Sequences in the Roseobacter data set were then used to define phylogenetic clusters within the clade, based on a 1% consensus rule (≥99% sequence similarity). This criterion is more likely to group organisms with similar ecological niches and physiological adaptations than the 97% “species” criterion (2). Initial analyses suggested that two modifications were needed to obtain meaningful clusters from this diverse data set. First, to reduce biases in cluster identification due to differences in sampling efforts among studies, the Roseobacter sequence data set was culled to remove similar sequences derived from the same sample. Second, to reduce the influence of short sequences, the Roseobacter reference set (described above) was used to anchor clusters with nearly full-length sequences from acknowledged Roseobacter lineages. The nonredundant data set (n = 974) was subjected to pairwise Smith-Waterman alignments to sequences in the Roseobacter reference set, and sequences were placed in the same cluster if they had ≥99% identity to any member of that cluster.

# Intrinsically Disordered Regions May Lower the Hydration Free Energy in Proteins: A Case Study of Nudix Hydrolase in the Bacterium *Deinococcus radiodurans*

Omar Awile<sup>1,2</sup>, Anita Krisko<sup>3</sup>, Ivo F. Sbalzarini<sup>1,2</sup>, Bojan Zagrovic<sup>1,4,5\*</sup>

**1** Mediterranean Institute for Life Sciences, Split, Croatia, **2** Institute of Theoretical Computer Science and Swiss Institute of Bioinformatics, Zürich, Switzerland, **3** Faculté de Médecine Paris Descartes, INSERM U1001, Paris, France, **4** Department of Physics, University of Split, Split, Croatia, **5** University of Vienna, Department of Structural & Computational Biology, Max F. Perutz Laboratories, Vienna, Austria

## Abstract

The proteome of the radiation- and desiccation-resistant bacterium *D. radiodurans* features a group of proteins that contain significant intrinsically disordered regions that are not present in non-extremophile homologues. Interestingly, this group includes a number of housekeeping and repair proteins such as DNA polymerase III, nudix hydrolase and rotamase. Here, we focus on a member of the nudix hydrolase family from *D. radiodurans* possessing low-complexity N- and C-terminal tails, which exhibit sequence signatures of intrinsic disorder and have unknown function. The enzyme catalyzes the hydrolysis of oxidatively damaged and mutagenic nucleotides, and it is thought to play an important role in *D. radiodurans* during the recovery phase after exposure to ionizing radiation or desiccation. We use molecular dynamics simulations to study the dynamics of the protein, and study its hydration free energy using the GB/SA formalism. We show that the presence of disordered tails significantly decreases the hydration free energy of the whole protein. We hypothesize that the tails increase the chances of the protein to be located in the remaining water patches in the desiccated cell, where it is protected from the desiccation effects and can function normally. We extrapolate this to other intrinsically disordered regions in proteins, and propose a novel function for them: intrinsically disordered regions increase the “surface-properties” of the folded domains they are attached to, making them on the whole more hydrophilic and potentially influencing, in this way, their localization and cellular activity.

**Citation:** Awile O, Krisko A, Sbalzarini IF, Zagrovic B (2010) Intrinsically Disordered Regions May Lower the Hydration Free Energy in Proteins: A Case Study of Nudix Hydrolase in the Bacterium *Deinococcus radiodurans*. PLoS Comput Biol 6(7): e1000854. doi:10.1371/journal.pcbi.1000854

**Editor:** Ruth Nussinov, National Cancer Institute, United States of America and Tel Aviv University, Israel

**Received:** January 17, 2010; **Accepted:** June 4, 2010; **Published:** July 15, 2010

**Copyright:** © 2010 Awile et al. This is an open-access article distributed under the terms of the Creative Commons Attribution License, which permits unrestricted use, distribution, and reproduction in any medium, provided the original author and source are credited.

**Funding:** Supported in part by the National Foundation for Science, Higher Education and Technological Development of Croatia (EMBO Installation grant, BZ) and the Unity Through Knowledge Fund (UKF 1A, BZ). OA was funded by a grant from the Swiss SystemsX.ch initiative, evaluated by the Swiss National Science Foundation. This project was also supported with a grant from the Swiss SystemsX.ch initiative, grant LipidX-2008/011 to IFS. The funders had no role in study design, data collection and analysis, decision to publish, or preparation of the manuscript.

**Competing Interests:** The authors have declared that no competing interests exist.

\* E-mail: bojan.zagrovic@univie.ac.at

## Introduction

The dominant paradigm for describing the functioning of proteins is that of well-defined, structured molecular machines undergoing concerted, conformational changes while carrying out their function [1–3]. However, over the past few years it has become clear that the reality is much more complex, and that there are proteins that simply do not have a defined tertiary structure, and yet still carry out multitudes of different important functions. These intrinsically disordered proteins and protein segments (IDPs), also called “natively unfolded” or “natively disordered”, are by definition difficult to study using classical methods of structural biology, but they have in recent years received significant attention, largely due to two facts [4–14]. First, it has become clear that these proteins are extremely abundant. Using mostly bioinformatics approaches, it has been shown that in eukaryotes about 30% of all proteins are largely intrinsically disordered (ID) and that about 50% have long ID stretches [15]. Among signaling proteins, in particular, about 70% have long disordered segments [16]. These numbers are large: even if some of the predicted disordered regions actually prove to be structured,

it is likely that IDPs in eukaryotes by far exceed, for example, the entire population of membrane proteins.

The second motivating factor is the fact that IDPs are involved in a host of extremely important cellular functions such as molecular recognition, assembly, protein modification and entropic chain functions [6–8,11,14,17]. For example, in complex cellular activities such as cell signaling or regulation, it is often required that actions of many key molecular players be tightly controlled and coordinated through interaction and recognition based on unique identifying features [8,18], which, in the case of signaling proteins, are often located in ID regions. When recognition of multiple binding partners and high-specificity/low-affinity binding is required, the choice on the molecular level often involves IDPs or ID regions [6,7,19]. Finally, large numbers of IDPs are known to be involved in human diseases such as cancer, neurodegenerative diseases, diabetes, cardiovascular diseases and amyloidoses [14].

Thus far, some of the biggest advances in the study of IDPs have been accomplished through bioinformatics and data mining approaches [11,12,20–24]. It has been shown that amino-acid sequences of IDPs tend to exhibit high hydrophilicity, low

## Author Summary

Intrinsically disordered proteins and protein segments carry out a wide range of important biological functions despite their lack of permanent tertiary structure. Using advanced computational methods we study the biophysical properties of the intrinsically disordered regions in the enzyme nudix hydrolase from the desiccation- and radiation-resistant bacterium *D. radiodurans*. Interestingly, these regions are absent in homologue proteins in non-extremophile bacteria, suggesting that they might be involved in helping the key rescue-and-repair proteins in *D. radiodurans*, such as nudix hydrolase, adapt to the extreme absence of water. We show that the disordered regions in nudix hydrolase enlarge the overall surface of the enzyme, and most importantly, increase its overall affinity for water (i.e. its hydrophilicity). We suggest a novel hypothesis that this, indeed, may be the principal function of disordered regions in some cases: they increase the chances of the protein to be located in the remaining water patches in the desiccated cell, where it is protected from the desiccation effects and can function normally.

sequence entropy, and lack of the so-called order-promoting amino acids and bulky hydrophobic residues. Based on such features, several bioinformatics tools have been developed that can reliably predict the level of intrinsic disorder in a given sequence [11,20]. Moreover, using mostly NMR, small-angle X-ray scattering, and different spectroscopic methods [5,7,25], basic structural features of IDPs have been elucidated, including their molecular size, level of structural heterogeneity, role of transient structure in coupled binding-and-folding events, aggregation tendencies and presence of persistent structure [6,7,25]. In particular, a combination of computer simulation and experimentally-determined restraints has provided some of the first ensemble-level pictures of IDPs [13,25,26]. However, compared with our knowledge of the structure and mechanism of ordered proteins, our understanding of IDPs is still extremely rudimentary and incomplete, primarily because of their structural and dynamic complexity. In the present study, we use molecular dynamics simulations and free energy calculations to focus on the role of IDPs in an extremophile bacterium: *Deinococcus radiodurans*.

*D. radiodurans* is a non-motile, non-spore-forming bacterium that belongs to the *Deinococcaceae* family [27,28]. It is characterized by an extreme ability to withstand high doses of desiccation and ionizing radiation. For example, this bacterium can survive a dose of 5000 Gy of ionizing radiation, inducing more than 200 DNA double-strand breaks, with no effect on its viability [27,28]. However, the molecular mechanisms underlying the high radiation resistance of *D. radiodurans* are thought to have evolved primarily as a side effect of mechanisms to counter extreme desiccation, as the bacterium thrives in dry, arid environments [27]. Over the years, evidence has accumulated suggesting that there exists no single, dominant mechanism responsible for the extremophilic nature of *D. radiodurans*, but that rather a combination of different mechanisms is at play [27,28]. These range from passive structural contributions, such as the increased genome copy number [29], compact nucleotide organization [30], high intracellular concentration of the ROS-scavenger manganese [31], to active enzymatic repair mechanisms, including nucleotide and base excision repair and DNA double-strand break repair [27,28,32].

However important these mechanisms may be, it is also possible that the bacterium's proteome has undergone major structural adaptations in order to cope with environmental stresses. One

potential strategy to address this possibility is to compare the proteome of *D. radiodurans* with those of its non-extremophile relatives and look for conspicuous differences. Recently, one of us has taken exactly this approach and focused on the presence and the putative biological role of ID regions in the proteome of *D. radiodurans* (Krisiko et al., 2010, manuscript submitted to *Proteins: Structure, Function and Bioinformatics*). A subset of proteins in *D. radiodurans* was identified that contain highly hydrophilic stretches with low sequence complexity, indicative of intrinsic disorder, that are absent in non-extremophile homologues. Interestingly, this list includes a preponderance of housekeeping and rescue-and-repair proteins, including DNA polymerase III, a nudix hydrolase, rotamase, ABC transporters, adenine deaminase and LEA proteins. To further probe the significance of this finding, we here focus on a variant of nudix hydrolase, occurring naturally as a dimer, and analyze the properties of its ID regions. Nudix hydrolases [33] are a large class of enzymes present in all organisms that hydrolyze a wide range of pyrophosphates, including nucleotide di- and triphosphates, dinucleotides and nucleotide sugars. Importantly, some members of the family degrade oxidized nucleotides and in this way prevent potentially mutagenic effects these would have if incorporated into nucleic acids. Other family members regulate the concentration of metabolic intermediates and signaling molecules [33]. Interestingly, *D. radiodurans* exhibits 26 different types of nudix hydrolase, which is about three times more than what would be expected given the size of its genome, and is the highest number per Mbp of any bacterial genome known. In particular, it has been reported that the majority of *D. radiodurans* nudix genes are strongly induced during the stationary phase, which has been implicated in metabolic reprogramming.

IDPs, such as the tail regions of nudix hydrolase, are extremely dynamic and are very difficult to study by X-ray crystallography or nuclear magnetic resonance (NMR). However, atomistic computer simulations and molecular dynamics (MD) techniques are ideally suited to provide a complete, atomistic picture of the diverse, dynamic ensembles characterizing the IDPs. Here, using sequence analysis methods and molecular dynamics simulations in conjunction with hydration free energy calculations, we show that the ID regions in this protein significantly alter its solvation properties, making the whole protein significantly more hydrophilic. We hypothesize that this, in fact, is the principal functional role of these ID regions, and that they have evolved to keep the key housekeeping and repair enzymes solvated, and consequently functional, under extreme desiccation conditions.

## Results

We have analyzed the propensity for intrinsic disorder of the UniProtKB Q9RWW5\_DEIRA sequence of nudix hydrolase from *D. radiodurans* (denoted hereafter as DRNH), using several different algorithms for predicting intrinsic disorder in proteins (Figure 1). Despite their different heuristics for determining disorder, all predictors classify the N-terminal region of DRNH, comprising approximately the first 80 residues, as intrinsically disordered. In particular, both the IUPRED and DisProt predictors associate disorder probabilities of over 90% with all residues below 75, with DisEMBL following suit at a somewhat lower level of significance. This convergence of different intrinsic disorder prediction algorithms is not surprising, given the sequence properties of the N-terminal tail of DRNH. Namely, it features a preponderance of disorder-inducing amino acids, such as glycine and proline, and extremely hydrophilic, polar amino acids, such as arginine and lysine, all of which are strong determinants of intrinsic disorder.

Half (55%) of the Roseobacter sequences, representing 248 clones and 292 isolates, clustered into groups containing a reference sequence. These sequences formed 141 clusters that ranged in size from 1 to 56 members. Most of these sequences (79%) fell into 51 clusters of ≥3 nonredundant members (see Table S2 and Fig. S1 in the supplemental material). The majority (80%) of these 51 clusters contained both clone and isolate representatives, 8 clusters (17%) were comprised solely of isolates, and 2 clusters contained only clone representatives. The remaining sequences fell into 90 clusters of one (n = 67) or two (n = 23) members. Most of these clusters (72%) contained only isolates, 19 contained only clones, and 6 contained both a clone and an isolate.

The other half of the sequences in the nonredundant data set (323 clones and 111 isolates) did not cluster with a Roseobacter reference sequence. In order to determine whether these sequences would form clusters among themselves, a separate series of pairwise alignments were run on solely these sequences. Of these sequences, 358 (82%) were <99% similar to any other sequence; most of these singleton sequences (80%) are partial sequences (<1,000 bp), and over half (73%) represent clones.